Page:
Vegas gambling guide: How the law of averages works

vegas signUSA Today – Ask a mathematician or a casino owner if you can win gambling in a casino, and the truthful answer is yes, but almost always only in the short run. Unless you’re a professional player who only plays with the long-term edge on your side, the longer you play, the more certain it is that you will lose.

People get funny ideas about the way gambling works. In casinos there are games of chance (roulette, craps, keno, bingo, slots, baccarat) and games of chance and skill (poker, blackjack, video poker).

A game of chance is like flipping a coin or spinning a wheel with 10 numbers. What happens is what happens. A player can guess what the outcome will be but cannot influence it. Games of chance operate according to the law of averages. If you have a fair coin and flip it 10 times, the law of averages leads you to expect that approximately half of the tosses will come up heads and the other half tails. If a roulette wheel has 38 slots, the law of averages suggests that the ball will fall into a particular slot one time in 38 spins.

The coin, the roulette ball, and the dice, however, have no memory. They just keep doing their thing. If you toss a coin and come up with heads nine times in a row, what are your chances of getting heads on the tenth toss? The answer is 50%, the same chance as getting heads on any toss. Each toss is completely independent of any other toss. When the coin goes up in the air that tenth time, it doesn’t know that tails has not come up for a while, and certainly has no obligation to try to get the law of averages back into whack.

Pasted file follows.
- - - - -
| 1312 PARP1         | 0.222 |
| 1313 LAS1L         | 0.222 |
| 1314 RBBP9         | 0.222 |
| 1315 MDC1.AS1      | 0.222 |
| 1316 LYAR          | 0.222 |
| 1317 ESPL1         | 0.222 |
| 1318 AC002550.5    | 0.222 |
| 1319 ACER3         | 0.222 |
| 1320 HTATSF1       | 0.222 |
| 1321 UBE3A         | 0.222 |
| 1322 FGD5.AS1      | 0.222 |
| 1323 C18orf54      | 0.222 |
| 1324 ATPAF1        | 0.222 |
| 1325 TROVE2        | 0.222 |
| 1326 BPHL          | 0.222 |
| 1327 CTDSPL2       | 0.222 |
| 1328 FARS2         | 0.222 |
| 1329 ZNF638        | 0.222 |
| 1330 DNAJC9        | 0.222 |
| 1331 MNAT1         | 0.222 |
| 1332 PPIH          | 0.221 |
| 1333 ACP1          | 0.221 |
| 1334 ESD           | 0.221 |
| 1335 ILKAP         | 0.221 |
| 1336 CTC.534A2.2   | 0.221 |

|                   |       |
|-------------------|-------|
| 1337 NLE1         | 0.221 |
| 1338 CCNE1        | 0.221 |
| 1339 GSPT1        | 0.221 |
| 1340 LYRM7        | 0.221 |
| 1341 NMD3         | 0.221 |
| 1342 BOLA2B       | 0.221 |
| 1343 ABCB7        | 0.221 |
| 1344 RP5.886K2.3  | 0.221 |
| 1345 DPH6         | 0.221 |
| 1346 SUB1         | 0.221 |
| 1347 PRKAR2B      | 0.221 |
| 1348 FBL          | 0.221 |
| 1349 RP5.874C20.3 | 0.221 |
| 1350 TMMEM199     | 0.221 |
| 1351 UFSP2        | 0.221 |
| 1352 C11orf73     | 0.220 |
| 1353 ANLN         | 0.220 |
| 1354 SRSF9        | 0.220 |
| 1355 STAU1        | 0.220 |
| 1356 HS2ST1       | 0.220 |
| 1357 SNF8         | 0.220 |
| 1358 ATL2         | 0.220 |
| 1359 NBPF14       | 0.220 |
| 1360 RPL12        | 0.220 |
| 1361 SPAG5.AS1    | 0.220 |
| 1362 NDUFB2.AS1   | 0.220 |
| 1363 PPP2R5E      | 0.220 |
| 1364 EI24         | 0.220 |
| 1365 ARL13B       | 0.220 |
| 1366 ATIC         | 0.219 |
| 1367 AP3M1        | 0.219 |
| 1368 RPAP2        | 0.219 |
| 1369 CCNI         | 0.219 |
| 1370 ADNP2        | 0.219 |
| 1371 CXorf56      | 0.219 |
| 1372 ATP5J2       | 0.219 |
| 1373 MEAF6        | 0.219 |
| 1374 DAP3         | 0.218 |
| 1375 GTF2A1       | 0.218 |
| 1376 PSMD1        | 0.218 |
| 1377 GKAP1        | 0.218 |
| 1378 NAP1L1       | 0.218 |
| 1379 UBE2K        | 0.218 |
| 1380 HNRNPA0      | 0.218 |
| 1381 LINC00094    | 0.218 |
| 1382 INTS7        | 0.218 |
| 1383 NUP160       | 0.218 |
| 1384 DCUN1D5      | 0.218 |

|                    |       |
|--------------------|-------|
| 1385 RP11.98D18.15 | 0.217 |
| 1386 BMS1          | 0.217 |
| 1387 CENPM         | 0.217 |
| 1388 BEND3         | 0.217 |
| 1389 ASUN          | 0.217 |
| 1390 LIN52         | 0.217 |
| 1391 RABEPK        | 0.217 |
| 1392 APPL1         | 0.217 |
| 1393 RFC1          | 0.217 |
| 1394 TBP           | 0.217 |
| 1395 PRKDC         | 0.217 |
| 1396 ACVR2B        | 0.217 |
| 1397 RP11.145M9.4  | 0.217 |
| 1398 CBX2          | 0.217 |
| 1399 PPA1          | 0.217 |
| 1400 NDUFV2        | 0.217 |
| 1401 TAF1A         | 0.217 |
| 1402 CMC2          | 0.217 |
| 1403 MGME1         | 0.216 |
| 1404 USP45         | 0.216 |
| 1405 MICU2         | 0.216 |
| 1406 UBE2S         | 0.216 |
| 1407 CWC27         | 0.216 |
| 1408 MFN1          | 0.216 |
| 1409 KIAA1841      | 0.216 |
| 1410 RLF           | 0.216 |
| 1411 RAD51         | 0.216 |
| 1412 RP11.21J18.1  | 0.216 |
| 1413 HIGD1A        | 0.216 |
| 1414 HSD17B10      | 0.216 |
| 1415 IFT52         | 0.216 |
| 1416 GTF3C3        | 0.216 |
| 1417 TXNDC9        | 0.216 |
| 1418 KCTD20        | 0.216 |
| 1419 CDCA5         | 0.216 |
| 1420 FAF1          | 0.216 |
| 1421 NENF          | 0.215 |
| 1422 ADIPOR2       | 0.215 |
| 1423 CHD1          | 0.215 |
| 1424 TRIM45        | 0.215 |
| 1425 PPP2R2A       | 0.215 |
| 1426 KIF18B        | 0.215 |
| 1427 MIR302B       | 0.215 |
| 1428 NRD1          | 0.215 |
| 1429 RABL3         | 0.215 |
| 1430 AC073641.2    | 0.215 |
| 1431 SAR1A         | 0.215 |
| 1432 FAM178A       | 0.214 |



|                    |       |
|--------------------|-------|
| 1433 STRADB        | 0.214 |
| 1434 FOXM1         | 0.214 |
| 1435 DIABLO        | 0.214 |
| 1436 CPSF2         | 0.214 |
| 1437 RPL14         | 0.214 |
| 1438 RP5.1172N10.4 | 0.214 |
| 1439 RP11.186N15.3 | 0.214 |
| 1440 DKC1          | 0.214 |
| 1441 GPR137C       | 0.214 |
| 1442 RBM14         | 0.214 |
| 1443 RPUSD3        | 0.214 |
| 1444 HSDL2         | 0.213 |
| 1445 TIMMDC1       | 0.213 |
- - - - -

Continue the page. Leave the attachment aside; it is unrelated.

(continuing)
Though most gamblers are familiar with the law of averages, not all of them understand how it works. The operative word, as it turns out, is “averages,” not “law.” If you flip a coin a million times, there is nothing that says you will get 500,000 heads and 500,000 tails, no more than there is any assurance you will get five heads and five tails if you flip a coin 10 times. What the law of averages does say is that, in percentage terms, the more times you toss the coin, the closer you will come to approximating the predicted average.